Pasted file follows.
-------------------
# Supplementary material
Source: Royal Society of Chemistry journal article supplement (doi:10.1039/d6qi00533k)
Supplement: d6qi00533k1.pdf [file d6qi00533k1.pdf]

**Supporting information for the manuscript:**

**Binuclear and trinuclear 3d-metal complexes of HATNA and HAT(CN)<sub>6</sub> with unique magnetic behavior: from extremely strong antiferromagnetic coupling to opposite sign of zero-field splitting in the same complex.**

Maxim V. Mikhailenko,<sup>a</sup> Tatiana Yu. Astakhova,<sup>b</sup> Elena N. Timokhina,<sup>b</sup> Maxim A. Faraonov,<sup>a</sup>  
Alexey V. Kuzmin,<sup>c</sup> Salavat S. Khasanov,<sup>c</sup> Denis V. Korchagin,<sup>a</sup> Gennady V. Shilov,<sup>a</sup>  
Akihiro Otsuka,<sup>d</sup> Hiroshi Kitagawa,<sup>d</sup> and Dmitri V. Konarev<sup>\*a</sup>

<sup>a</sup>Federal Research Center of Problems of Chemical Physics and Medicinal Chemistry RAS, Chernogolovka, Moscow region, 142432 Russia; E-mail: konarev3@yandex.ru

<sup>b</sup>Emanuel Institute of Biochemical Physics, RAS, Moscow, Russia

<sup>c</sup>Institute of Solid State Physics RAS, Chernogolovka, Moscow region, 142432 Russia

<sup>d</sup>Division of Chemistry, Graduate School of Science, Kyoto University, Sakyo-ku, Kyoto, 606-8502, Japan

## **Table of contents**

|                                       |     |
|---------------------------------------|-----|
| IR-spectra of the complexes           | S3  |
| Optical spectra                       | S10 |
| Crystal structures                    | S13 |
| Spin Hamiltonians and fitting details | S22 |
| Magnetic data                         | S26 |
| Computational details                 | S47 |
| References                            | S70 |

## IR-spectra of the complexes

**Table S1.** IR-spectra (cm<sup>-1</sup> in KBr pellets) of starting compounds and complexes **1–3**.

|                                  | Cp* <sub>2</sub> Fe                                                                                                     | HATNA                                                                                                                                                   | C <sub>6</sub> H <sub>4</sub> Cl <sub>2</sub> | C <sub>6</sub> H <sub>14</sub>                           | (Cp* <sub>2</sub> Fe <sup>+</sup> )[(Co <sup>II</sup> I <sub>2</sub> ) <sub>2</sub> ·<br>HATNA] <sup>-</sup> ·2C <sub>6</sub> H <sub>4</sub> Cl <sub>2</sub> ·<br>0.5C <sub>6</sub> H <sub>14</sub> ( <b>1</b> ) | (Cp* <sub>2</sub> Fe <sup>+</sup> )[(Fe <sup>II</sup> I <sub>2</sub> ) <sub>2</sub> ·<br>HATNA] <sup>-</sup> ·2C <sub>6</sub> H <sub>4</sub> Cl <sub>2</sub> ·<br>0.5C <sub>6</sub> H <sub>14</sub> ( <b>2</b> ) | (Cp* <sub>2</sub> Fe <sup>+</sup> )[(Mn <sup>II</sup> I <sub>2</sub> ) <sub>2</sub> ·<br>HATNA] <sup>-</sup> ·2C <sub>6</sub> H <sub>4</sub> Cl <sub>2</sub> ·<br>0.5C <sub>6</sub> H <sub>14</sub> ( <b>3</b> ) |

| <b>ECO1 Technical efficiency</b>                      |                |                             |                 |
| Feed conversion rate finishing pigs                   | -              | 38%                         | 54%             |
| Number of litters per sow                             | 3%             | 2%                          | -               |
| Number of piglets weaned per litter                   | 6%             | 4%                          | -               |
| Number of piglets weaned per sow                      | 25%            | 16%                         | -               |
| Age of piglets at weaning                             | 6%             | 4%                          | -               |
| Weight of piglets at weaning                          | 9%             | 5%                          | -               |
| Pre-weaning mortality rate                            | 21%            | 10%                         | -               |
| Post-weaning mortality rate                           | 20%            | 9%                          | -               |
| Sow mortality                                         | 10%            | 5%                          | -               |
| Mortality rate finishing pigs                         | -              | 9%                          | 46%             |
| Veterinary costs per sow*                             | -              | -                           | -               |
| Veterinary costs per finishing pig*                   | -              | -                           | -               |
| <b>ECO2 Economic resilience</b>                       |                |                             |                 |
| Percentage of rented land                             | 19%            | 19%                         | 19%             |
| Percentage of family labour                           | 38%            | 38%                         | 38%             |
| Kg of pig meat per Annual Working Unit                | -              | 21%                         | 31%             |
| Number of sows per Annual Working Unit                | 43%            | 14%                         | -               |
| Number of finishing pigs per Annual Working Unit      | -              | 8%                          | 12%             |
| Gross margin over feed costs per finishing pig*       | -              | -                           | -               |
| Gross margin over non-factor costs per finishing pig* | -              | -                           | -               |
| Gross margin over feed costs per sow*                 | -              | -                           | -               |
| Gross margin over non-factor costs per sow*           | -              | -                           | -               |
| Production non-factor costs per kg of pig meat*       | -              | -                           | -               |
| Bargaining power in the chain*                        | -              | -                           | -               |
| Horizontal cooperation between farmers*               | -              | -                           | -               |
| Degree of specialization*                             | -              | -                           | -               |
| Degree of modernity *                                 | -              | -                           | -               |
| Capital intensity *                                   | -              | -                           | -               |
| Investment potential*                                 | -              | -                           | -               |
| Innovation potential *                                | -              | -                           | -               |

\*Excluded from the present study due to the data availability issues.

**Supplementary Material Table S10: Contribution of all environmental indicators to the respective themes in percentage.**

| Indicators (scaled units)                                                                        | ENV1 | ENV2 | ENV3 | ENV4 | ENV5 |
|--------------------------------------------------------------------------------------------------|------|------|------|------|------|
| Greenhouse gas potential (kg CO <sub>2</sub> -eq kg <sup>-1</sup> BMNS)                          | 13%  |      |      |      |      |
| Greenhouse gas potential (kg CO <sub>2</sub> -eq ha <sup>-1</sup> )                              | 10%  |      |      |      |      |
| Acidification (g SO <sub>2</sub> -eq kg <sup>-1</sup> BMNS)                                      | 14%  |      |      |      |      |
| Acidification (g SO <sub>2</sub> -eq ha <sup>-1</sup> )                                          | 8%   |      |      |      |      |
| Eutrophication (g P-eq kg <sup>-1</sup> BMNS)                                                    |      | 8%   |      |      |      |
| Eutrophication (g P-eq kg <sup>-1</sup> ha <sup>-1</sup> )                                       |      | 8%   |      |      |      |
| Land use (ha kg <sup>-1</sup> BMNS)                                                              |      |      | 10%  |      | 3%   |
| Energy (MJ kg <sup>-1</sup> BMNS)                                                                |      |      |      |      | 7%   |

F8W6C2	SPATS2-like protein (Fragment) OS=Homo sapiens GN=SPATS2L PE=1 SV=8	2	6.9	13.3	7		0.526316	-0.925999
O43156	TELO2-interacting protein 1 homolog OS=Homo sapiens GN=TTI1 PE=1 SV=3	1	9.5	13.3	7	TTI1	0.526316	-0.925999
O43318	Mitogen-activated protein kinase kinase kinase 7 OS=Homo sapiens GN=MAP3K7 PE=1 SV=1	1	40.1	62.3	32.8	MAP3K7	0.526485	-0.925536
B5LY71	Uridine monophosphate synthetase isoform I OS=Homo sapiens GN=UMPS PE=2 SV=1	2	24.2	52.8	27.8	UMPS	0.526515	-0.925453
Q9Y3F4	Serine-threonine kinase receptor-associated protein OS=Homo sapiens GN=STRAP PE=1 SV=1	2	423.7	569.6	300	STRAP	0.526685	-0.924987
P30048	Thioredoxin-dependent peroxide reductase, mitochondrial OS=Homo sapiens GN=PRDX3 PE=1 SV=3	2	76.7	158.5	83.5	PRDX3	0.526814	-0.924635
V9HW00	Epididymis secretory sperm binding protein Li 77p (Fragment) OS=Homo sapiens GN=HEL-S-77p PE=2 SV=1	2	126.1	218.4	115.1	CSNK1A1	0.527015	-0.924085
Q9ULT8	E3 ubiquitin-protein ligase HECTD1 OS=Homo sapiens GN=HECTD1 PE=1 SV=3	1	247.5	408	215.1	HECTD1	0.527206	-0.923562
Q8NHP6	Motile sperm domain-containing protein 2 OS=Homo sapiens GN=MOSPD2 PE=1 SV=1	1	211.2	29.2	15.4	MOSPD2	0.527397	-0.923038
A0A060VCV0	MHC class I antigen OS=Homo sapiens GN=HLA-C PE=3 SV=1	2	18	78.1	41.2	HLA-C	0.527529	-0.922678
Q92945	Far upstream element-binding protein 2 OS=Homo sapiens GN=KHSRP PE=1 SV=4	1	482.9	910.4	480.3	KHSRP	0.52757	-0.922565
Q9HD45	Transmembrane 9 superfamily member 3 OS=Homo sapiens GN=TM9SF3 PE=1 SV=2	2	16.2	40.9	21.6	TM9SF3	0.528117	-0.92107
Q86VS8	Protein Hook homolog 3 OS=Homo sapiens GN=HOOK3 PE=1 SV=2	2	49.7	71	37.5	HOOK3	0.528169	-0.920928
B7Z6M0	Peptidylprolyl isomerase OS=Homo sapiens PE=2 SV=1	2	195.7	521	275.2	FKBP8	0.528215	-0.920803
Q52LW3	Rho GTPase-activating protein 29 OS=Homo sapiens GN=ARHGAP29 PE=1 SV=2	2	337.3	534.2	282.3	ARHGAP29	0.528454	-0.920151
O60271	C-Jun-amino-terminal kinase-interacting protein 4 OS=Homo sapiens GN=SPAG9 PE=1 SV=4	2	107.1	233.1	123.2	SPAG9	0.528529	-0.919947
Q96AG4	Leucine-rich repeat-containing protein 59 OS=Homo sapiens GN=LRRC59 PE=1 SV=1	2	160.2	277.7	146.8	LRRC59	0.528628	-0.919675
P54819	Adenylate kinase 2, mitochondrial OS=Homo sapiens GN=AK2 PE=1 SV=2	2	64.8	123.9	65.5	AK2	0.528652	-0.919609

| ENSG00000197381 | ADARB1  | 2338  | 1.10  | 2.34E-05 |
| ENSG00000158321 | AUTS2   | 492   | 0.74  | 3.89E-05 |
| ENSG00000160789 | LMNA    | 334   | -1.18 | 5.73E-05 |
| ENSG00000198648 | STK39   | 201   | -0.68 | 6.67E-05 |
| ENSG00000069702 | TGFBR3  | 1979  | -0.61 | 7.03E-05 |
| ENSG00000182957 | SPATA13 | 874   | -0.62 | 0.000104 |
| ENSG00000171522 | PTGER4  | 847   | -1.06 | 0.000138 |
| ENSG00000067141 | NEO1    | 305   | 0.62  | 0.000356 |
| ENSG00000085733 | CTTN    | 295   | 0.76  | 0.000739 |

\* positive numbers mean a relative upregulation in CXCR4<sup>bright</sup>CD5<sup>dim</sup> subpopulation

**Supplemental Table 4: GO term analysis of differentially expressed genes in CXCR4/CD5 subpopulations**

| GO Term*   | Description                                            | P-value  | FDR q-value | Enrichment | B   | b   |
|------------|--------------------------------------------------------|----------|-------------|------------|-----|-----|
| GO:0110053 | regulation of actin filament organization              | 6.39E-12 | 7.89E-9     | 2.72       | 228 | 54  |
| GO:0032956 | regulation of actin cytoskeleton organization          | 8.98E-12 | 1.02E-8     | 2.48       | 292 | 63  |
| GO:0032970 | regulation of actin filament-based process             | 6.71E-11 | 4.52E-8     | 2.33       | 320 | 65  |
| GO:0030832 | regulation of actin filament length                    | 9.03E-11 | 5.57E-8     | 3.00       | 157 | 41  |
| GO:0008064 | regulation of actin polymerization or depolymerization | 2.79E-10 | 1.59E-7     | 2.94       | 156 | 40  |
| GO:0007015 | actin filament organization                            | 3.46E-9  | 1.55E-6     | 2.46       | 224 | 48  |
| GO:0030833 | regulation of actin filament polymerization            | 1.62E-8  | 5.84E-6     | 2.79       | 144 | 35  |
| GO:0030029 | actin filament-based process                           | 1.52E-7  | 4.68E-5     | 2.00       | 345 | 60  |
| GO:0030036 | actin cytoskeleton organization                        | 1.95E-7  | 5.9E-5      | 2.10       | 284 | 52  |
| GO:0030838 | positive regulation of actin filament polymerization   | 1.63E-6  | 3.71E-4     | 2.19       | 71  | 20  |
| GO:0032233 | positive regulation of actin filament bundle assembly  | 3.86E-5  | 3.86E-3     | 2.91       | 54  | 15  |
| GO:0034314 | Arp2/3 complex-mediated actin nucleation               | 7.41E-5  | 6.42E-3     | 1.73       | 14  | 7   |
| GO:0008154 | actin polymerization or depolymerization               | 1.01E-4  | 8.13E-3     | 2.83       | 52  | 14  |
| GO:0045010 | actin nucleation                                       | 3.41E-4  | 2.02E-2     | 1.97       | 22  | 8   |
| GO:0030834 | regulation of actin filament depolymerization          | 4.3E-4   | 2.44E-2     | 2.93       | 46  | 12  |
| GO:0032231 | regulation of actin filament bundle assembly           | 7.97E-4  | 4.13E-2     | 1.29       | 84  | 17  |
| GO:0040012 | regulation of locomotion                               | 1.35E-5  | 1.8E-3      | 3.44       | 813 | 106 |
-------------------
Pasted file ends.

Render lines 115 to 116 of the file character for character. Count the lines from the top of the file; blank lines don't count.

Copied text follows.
| GO:0032231 | regulation of actin filament bundle assembly           | 7.97E-4  | 4.13E-2     | 1.29       | 84  | 17  |
| GO:0040012 | regulation of locomotion                               | 1.35E-5  | 1.8E-3      | 3.44       | 813 | 106 |